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In Honor of the Apostle

{ Tags: \ Jul17 }

During this year of St. Paul I have resolved to include as part of the offerings of Res Biblica brief commentaries on the readings from the Pauline letters as they come up in the Sunday liturgy and — when possible — even during the daily mass. Below are the ones I have posted at Res Biblica and its subsites.

Colossians 1:15-20 Hymn To Christ Glorified | Lectio Divina
The hymn to Christ as we now find it incorporated in the letter has been studied by many well known scholars. A list is provided in M. Horgan’s commentary on Colossians (JBC, 879 col. 1). It is a consensus that the language of OT wisdom (Proverbs 8, specifically) pervades the hymn with some possible gnostic echoes and rewritten so as to fit Christian convictions about the pre-eminence of Christ and his role as head of a new creation. Christ is after all the Wisdom of God (cf. 1 Cor. 1:24), the Word through whom all things have been created (cf. John 1:1-4). He has inherited the name above every other name and before Him all bow in worship (Phil. 2:9-11). The hymn in Colossians however point out something more: His place in the new creation. …
Colossians 1:24-28 The Mystery That Is Christ | Otium Sanctum
In Colossians 1:24-28 Paul posits the thesis of the letter: the gospel as the revelation of the mystery that is Christ. The gospel that Paul preaches is the mystery hidden in the past but now made known. It is proclaimed that all men may become “mature” teleios in Christ. By that gospel too Paul rejoices inspite of his sufferings because he undergoes them in union with Christ and His Church.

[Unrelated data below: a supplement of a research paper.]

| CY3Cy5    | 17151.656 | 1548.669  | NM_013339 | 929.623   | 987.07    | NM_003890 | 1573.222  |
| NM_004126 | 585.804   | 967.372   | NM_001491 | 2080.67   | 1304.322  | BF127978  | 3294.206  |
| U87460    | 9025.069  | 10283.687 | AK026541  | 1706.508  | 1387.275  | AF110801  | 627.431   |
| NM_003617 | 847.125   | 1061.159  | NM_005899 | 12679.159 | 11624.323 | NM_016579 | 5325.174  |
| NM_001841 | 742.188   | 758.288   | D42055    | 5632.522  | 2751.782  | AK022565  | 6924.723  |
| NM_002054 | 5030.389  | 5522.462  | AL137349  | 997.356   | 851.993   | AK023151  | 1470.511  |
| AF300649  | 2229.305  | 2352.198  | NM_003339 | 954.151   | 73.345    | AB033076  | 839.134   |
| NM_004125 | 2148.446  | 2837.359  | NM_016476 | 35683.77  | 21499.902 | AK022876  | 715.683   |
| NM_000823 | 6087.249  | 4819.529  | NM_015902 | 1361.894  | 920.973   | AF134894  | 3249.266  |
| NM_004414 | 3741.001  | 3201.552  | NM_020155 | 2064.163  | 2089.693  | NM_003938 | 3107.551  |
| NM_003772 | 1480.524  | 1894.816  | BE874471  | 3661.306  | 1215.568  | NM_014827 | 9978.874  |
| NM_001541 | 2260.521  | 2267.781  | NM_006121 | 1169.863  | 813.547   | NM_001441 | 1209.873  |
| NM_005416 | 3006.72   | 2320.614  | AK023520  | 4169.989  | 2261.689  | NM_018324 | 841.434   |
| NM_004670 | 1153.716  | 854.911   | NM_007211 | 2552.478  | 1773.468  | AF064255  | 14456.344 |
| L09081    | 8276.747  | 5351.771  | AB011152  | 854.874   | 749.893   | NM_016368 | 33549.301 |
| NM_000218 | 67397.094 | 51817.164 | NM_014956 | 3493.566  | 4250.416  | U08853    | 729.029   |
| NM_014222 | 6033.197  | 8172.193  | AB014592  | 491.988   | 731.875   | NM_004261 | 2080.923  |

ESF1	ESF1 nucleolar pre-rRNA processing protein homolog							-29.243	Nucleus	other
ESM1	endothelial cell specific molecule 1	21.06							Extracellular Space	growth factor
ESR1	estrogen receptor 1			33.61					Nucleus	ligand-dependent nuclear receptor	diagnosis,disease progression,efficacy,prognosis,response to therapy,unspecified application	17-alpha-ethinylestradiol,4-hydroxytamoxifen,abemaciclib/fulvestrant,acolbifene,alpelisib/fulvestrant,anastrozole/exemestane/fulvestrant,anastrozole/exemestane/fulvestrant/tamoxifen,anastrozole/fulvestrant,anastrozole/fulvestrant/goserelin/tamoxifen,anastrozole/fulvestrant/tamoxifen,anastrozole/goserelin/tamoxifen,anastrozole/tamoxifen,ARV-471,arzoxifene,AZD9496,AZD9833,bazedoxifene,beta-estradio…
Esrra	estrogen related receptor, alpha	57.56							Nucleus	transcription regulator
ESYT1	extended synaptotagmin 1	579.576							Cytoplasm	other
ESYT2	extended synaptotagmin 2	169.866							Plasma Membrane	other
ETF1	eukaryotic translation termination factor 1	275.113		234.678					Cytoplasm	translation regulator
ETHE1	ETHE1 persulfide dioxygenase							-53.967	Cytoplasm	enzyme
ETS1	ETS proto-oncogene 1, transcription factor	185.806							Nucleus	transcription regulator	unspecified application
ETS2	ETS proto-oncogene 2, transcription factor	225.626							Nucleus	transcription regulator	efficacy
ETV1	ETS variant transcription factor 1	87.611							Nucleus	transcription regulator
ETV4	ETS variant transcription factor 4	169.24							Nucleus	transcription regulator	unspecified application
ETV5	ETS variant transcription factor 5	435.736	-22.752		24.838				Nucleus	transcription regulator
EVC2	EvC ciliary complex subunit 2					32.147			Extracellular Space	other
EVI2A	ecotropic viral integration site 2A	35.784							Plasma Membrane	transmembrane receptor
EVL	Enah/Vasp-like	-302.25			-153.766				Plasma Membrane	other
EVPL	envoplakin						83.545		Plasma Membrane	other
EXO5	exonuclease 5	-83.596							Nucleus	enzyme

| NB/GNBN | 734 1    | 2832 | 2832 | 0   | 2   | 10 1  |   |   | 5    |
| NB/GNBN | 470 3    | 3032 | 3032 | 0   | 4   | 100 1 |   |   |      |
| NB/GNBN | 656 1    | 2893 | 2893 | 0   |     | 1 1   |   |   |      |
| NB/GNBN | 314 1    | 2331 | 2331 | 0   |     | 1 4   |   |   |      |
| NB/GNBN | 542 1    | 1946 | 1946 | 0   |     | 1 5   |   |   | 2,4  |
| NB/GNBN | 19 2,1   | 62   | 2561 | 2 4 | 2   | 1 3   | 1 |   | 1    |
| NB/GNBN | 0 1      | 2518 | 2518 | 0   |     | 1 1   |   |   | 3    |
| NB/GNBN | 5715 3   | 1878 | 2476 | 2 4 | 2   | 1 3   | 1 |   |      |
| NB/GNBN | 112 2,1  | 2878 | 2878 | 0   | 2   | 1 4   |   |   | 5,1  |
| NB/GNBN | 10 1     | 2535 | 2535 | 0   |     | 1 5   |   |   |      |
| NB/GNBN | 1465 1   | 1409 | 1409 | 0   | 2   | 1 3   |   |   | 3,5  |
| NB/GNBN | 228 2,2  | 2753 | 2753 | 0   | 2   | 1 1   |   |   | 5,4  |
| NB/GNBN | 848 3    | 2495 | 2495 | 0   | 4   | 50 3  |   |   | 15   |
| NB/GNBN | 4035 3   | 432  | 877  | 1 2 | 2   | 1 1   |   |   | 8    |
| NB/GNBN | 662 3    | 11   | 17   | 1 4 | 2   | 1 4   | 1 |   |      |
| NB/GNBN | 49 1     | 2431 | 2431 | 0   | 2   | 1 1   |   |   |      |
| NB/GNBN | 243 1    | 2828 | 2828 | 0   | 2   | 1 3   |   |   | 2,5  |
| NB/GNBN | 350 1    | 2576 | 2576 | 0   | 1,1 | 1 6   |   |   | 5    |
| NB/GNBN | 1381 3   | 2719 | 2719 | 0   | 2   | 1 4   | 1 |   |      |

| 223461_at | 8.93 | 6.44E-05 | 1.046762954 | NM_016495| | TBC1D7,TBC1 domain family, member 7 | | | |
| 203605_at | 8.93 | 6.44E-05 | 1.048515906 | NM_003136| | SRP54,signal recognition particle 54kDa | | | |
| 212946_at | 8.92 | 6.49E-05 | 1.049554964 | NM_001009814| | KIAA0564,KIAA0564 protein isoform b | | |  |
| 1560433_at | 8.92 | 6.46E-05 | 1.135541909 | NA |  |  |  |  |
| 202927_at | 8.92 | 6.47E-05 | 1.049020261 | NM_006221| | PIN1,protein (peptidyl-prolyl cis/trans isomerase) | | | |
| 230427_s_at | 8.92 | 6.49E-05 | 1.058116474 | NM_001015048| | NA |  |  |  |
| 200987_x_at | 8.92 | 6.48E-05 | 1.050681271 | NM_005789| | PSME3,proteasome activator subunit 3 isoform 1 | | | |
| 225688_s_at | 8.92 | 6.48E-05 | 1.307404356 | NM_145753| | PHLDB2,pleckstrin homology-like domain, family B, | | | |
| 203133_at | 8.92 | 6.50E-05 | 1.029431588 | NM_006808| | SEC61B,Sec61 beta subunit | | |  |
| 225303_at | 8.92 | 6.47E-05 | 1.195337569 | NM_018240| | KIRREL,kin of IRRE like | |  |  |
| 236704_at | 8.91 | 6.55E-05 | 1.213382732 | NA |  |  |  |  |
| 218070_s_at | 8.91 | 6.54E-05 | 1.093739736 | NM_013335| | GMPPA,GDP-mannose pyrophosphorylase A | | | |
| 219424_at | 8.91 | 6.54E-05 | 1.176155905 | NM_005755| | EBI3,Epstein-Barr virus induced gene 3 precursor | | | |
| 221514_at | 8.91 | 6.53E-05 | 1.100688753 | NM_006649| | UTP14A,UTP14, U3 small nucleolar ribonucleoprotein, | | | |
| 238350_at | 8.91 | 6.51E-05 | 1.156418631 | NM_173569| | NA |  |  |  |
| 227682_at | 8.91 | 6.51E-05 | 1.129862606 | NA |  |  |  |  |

Colossians 2:12-14 Being With Christ | Otium Sanctum

In these three verses, Paul depicts in a vivid way through the use of participial forms of the verb God’s action in uniting the Colossians with Christ who died and who rose to life. These passages seen within their immediate context say more: the Colossians, far from just being second-class citizens within the people of God — something that they would have been if they were part of Israel under the Mosaic law — are full members: they have been joined to Abraham through the circumcision of Christ.
Gal. 5:1-6:10|Freedom To Be Free | Lectio Divina

In other words, the Christian has been freed from the clutches of the flesh when he died to it in baptism. Baptized, he began to live in the Spirit of Christ which now must become the power that moves him. The Spirit is a spirit of freedom, not of “licentiousness” which is like freedom but is not. In the words of Paul, it is freedom used “as an opportunity for the flesh.” True freedom is in harmony with the status of the Christian whose life is lived in faith in Christ “who loved me and gave himself up for me.” (Gal. 2:20)
Gal. 6:14-16 The Cross and the New Creation | Lectio Divina

In sum, the new creature — that is recreated humanity — is a product of the cross, “created in God’s way in righteousness and holiness of truth”. The Christian then must take upon himself this new man consistent with his status of one who has been constituted heir to the promises of Abraham (Gal. 3:14) and a child of God (Gal. 4:6-7). It is this new creature that counts, not the foreskin that Judaizers are so concerned about (Gal. 5:2-6).
Eph. 1:3-14 "He Has Graced Us In The Beloved…" | Lectio Divina
the question “Did God choose me? To where am I predestined, heaven or hell?” shouldn’t even be asked. Paul was actually looking at his situation and the situation of all Christians, at how much grace they have received from God and thereby concludes that all these have been decided by God EVEN BEFORE any of them were born or created. The predestination in these verses then is RETROSPECTIVE rather than PROSPECTIVE, from the point of view of the Christian who is conscious of God’s grace, and not from that of a God imagined to be punitive. It is like the love affair of two persons who have been married to one another for seventy-five years: they gaze at each other with awe and ask how it has been possible that they stayed together while they’ve seen other marriages fall apart. One of them might even conclude: “From all eternity, we were made for each other.”

There are some other articles on Paul that I’ve posted during the past years. I’ll try to see whether I can still recover them. For now, I hope that the above list can be of help to those who wish to get to know him whom St. Augustine of Hippo fondly called “The Apostle”.

A printable (PDF) version of the links above is found here.

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